Bliss! Twins galore! Photos received from Germany and England this past month are now featured on Page 6 of the Engine Gallery. There you will find details about Siegfried Fleischmann's opposed twins and his Cox-based two-stroke radial, plus an outstanding four-stroke V-twin diesel by Phil Cox. Some details that hint at the talent of these two gentlemen accompany each.
I have also added new entries in the Finder. Some are just quick links to engines which have appeared in reviews yet somehow missed having an entry added to the Engine Finder, but there are some genuine new additions as well. Search out the ED Hunter, Ivor F's Sesqui, McCoy 60 glow, Miles Special, PB 03, some G-Marks, a HP diesel, the Atlas ignition, and observe the strange family resemblance between the latter two. Many of these just beg for a more in-depth treatment. Someday...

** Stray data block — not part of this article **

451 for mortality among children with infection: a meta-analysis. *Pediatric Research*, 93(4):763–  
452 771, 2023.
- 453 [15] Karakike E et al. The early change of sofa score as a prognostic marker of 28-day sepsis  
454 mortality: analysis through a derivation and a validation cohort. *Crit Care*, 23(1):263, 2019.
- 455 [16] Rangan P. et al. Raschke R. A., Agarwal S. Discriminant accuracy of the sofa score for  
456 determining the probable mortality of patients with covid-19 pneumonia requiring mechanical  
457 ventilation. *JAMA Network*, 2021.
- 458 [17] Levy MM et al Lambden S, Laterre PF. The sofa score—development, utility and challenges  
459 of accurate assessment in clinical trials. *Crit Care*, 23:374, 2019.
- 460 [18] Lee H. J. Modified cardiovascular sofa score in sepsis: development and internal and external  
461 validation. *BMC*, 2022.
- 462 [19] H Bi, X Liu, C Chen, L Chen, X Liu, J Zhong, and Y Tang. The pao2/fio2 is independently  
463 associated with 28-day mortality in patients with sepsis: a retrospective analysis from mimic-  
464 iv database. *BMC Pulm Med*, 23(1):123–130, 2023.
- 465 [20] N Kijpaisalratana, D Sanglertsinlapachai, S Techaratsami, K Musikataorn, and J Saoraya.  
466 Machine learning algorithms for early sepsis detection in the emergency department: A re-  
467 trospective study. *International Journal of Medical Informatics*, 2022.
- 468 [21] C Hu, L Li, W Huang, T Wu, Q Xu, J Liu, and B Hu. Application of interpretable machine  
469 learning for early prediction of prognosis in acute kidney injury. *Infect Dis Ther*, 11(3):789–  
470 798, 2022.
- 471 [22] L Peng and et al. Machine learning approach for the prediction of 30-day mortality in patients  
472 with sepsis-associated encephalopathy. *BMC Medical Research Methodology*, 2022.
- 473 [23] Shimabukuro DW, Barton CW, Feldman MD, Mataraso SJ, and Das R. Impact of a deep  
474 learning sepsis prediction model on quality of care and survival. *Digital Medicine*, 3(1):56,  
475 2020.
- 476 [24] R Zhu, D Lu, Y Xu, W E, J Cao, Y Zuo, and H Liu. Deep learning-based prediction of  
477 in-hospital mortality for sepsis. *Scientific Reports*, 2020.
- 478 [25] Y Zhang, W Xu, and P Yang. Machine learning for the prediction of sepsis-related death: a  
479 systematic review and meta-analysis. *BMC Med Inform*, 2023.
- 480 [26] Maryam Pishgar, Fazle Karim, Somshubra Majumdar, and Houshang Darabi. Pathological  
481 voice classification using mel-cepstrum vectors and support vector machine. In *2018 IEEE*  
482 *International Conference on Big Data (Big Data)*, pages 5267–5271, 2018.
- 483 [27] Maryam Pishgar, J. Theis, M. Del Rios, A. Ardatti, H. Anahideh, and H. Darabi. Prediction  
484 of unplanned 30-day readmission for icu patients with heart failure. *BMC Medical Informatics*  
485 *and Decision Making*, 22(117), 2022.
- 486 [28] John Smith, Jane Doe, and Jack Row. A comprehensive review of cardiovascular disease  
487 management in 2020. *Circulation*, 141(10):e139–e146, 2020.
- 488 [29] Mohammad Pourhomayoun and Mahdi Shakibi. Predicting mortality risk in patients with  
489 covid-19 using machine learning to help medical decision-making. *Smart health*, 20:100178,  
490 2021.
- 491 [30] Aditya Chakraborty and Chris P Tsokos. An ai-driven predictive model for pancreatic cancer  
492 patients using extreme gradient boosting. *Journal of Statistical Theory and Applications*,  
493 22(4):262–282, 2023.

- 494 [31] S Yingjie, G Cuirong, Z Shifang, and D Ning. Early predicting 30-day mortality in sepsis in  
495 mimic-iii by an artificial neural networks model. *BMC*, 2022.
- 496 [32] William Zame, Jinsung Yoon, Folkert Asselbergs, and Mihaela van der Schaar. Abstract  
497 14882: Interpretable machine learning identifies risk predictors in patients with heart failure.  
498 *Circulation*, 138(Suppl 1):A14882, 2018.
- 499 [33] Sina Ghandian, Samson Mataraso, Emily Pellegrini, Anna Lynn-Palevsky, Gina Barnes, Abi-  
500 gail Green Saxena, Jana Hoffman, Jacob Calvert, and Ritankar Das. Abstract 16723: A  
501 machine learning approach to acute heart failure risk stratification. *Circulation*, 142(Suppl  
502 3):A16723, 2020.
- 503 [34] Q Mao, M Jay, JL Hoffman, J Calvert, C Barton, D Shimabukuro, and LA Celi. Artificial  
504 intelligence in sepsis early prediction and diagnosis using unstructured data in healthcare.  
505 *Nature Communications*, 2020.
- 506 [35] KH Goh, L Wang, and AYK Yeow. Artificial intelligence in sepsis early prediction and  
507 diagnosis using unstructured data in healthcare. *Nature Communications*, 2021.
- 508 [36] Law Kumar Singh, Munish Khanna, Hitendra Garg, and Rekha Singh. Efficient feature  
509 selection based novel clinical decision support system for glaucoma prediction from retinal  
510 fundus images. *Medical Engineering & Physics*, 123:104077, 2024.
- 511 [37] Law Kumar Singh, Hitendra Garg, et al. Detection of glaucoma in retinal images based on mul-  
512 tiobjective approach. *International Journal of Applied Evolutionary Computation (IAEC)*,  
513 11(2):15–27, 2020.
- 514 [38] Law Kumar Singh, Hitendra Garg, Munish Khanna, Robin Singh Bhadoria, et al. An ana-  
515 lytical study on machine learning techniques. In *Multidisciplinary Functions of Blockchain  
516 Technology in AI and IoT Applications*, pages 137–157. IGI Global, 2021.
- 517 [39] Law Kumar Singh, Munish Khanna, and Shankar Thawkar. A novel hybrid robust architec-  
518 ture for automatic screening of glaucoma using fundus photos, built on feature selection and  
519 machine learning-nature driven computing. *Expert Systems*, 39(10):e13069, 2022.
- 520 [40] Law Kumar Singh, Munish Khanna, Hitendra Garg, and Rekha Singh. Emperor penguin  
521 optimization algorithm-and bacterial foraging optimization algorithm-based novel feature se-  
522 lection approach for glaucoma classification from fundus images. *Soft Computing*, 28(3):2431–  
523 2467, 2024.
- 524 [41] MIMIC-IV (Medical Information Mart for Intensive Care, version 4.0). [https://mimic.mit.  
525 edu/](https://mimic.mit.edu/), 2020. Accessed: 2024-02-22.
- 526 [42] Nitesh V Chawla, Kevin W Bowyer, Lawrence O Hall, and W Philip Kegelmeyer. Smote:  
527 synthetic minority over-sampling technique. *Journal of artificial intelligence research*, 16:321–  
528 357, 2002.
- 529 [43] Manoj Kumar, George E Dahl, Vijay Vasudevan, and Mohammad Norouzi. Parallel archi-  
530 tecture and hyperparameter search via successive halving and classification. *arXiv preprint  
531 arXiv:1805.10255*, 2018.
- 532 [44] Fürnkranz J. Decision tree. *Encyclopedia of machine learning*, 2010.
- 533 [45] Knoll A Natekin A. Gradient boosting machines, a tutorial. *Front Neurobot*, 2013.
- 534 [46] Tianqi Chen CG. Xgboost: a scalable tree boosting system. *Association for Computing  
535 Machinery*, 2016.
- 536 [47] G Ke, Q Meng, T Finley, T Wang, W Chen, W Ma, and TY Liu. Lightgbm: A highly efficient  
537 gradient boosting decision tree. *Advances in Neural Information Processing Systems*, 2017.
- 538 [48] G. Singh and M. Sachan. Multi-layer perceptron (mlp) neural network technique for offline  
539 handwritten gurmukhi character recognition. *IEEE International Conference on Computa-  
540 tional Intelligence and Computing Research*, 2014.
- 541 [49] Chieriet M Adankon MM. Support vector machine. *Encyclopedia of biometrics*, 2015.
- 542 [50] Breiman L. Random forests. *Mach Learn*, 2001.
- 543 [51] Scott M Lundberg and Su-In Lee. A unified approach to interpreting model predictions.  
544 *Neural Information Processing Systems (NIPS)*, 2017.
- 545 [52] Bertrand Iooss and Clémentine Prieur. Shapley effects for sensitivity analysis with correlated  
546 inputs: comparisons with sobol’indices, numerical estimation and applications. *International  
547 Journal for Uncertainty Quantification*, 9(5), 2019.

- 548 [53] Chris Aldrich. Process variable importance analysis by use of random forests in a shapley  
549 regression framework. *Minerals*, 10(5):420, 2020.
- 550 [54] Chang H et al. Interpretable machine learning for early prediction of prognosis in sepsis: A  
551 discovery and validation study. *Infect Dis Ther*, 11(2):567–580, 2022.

HH Groves Revisited
During the fix-up program for broken links conducted in preparation for the MEN CD, I came across a page that I'd completely forgotten about. The page provides some background on a (ahem) forgotten pioneer, Mr HH Groves. Now if the author can forget a page exists, what chance does a casual visitor stand? So the page on Groves has been expanded and linked from the People tag on the navigation menu at the left. Steam fans will certainly appreciate this link.
New Books and Magazines This Month